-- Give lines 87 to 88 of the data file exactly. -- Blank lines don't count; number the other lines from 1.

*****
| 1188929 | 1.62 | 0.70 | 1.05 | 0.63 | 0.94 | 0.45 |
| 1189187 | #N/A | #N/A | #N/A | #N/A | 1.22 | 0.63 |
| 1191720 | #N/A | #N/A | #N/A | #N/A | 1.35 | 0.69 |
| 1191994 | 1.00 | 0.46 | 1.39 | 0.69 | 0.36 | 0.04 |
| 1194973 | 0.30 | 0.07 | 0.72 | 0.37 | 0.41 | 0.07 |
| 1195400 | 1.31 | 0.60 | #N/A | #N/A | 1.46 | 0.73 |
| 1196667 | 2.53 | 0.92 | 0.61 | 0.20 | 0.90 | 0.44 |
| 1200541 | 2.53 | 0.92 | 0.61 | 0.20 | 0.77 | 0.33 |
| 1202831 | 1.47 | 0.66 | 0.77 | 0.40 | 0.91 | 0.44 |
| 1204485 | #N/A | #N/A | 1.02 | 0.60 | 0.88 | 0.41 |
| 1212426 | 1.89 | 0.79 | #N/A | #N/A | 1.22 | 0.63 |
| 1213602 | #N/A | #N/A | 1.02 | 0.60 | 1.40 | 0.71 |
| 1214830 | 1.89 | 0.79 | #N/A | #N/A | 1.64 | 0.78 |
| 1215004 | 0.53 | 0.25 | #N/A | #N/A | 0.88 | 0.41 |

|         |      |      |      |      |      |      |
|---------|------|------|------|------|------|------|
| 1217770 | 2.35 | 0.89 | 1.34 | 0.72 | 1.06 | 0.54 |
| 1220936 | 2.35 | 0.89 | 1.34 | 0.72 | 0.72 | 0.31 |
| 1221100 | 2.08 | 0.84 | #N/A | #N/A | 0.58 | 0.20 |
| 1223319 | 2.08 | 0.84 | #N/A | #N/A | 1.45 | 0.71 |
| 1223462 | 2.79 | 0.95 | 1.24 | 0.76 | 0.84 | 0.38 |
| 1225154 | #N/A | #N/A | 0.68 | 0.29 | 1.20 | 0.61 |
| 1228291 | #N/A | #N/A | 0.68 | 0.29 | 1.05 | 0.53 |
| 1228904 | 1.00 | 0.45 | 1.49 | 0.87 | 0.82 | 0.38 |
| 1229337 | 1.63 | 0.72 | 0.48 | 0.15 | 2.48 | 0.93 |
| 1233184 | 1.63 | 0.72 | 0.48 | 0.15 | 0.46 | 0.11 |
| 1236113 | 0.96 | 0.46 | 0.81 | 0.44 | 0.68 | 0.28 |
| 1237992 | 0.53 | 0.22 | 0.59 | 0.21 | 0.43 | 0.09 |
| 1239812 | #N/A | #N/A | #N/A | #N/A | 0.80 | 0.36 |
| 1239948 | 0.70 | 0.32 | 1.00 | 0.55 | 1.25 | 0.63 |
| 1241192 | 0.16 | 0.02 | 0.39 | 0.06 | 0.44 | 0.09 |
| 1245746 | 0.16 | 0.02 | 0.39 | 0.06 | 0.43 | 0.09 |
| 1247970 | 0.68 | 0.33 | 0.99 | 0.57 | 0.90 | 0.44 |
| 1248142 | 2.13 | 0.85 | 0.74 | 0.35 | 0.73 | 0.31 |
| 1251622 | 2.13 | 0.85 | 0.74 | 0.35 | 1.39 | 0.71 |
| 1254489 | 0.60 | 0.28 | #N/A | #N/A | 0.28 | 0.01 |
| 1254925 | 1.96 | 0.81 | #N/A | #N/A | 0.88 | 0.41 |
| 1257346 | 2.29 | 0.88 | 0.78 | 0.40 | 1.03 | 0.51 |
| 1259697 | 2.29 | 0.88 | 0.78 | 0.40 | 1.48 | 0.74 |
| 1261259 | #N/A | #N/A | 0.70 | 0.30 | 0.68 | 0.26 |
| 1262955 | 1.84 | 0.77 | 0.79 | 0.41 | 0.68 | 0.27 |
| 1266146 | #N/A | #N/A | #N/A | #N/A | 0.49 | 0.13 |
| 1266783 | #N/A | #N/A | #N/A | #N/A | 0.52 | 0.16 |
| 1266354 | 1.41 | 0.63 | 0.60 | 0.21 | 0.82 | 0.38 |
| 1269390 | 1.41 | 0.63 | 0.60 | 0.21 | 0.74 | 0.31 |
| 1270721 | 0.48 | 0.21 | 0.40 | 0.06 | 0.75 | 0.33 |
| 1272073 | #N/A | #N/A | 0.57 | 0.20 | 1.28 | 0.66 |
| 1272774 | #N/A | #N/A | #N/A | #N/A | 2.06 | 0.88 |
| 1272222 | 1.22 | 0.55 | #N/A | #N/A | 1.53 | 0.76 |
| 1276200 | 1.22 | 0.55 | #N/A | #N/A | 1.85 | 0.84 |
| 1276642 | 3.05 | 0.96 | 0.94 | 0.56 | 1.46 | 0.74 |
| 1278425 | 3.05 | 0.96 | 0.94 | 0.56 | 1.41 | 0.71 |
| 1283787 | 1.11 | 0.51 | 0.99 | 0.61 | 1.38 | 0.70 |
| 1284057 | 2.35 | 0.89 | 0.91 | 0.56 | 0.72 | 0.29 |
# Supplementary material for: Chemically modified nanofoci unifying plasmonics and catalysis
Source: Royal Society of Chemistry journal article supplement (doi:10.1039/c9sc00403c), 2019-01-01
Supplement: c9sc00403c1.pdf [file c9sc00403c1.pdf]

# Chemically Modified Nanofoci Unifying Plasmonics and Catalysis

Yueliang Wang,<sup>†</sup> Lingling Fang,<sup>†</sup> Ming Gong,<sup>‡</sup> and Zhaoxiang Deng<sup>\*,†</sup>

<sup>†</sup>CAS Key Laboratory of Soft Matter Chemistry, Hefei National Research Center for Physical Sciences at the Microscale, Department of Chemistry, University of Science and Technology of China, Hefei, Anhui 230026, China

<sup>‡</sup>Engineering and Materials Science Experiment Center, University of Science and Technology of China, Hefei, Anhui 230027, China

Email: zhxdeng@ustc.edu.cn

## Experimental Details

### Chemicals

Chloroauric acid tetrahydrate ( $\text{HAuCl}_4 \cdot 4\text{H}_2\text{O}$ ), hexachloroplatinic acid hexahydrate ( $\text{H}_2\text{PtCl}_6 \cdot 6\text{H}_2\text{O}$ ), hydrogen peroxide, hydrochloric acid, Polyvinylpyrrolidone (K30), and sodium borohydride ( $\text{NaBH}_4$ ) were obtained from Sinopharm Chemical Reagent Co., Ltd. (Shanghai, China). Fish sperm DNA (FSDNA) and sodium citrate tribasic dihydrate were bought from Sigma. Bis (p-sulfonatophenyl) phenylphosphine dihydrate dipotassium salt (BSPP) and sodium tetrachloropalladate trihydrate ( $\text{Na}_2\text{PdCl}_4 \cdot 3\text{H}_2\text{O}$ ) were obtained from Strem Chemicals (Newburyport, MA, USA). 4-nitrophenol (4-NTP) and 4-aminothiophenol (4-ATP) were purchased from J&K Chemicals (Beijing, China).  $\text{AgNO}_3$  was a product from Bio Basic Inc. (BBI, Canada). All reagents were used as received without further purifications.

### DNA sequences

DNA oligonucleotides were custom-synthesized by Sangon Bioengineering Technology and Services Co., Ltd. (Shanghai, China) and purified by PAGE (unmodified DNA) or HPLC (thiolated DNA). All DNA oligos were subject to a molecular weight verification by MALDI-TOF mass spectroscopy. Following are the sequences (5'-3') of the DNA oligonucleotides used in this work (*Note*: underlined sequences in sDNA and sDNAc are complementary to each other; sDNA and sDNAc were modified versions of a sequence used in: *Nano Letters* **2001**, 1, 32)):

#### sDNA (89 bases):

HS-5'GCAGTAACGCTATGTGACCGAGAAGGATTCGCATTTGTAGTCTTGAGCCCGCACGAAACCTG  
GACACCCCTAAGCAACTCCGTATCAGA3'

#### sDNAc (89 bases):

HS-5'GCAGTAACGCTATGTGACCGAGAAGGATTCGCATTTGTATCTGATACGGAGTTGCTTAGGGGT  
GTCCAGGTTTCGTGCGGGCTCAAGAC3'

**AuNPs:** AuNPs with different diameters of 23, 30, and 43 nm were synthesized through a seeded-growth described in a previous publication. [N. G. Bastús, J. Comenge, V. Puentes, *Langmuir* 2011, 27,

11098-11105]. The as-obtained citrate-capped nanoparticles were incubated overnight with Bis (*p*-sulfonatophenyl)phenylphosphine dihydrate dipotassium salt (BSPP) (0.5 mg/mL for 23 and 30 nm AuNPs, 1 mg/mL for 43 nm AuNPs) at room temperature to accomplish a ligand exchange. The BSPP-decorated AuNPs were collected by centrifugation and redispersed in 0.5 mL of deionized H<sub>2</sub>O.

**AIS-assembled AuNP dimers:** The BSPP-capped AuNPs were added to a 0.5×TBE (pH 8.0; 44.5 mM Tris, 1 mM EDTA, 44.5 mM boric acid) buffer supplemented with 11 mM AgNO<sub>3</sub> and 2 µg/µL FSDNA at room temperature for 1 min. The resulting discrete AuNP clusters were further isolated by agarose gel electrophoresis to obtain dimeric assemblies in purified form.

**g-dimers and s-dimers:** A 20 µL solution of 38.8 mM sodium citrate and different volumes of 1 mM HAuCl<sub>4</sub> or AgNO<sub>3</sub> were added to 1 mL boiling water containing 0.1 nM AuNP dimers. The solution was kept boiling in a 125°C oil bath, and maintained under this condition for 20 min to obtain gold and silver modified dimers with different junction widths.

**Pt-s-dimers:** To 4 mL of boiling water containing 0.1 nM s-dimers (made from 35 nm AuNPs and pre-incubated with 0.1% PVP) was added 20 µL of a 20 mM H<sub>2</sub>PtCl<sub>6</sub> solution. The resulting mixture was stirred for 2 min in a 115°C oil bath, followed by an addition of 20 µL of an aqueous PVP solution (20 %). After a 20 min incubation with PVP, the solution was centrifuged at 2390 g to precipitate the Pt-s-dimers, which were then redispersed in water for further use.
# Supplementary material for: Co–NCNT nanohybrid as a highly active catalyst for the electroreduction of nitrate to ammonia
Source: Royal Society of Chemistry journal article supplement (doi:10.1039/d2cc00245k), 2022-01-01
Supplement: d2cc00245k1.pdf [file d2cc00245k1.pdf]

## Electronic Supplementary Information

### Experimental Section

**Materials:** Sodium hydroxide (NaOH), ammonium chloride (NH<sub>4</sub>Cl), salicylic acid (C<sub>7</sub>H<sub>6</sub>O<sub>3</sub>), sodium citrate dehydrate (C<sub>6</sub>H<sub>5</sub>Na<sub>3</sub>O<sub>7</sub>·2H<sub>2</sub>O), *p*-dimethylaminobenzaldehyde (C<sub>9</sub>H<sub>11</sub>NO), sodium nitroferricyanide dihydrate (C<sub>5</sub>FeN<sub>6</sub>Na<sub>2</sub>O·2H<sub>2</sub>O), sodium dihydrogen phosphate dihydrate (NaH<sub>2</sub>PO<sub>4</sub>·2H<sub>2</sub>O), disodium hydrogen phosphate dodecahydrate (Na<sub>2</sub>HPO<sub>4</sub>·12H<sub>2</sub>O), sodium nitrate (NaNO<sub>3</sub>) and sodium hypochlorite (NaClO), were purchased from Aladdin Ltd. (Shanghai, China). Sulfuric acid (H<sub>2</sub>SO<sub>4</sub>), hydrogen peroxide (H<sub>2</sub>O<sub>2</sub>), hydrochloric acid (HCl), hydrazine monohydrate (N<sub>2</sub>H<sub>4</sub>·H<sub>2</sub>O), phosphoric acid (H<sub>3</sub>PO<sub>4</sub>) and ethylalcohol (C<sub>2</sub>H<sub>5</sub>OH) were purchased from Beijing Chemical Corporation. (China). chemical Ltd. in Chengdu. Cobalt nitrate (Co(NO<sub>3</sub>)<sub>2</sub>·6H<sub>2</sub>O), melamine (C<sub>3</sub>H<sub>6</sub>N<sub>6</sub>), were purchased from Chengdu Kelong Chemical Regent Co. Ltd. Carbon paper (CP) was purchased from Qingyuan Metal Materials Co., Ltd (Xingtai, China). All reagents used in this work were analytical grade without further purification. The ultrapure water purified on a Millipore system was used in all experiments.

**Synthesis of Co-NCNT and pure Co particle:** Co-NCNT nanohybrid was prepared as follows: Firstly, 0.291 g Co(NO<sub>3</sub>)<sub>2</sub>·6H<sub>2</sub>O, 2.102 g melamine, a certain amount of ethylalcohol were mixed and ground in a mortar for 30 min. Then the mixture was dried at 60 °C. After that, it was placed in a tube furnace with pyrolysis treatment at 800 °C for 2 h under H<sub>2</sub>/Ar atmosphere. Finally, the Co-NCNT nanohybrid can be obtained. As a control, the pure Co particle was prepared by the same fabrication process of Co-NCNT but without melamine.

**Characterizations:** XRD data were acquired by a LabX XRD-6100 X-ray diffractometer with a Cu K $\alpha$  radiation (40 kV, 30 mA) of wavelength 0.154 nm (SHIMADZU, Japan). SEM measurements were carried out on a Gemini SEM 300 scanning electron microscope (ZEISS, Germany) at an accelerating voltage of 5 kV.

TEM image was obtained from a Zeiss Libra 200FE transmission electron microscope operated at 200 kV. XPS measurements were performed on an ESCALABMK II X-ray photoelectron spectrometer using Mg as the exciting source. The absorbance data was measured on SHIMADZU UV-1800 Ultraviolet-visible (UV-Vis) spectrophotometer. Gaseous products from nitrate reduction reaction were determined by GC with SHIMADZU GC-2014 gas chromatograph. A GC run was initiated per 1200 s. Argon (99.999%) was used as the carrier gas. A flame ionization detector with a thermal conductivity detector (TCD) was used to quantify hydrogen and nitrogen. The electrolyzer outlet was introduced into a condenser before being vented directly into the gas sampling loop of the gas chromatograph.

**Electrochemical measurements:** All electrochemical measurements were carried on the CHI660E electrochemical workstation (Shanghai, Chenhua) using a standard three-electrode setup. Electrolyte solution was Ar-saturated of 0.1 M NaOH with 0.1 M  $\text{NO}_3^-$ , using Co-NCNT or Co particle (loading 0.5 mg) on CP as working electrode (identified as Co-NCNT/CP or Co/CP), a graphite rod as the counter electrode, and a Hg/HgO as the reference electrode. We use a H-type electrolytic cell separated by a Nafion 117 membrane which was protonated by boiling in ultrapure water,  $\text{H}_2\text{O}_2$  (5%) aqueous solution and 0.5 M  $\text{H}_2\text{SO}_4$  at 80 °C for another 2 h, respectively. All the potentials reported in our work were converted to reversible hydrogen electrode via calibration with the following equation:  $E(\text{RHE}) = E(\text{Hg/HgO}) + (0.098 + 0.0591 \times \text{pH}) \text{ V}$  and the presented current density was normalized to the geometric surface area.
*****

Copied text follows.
TEM image was obtained from a Zeiss Libra 200FE transmission electron microscope operated at 200 kV. XPS measurements were performed on an ESCALABMK II X-ray photoelectron spectrometer using Mg as the exciting source. The absorbance data was measured on SHIMADZU UV-1800 Ultraviolet-visible (UV-Vis) spectrophotometer. Gaseous products from nitrate reduction reaction were determined by GC with SHIMADZU GC-2014 gas chromatograph. A GC run was initiated per 1200 s. Argon (99.999%) was used as the carrier gas. A flame ionization detector with a thermal conductivity detector (TCD) was used to quantify hydrogen and nitrogen. The electrolyzer outlet was introduced into a condenser before being vented directly into the gas sampling loop of the gas chromatograph.

**Electrochemical measurements:** All electrochemical measurements were carried on the CHI660E electrochemical workstation (Shanghai, Chenhua) using a standard three-electrode setup. Electrolyte solution was Ar-saturated of 0.1 M NaOH with 0.1 M  $\text{NO}_3^-$ , using Co-NCNT or Co particle (loading 0.5 mg) on CP as working electrode (identified as Co-NCNT/CP or Co/CP), a graphite rod as the counter electrode, and a Hg/HgO as the reference electrode. We use a H-type electrolytic cell separated by a Nafion 117 membrane which was protonated by boiling in ultrapure water,  $\text{H}_2\text{O}_2$  (5%) aqueous solution and 0.5 M  $\text{H}_2\text{SO}_4$  at 80 °C for another 2 h, respectively. All the potentials reported in our work were converted to reversible hydrogen electrode via calibration with the following equation:  $E(\text{RHE}) = E(\text{Hg/HgO}) + (0.098 + 0.0591 \times \text{pH}) \text{ V}$  and the presented current density was normalized to the geometric surface area.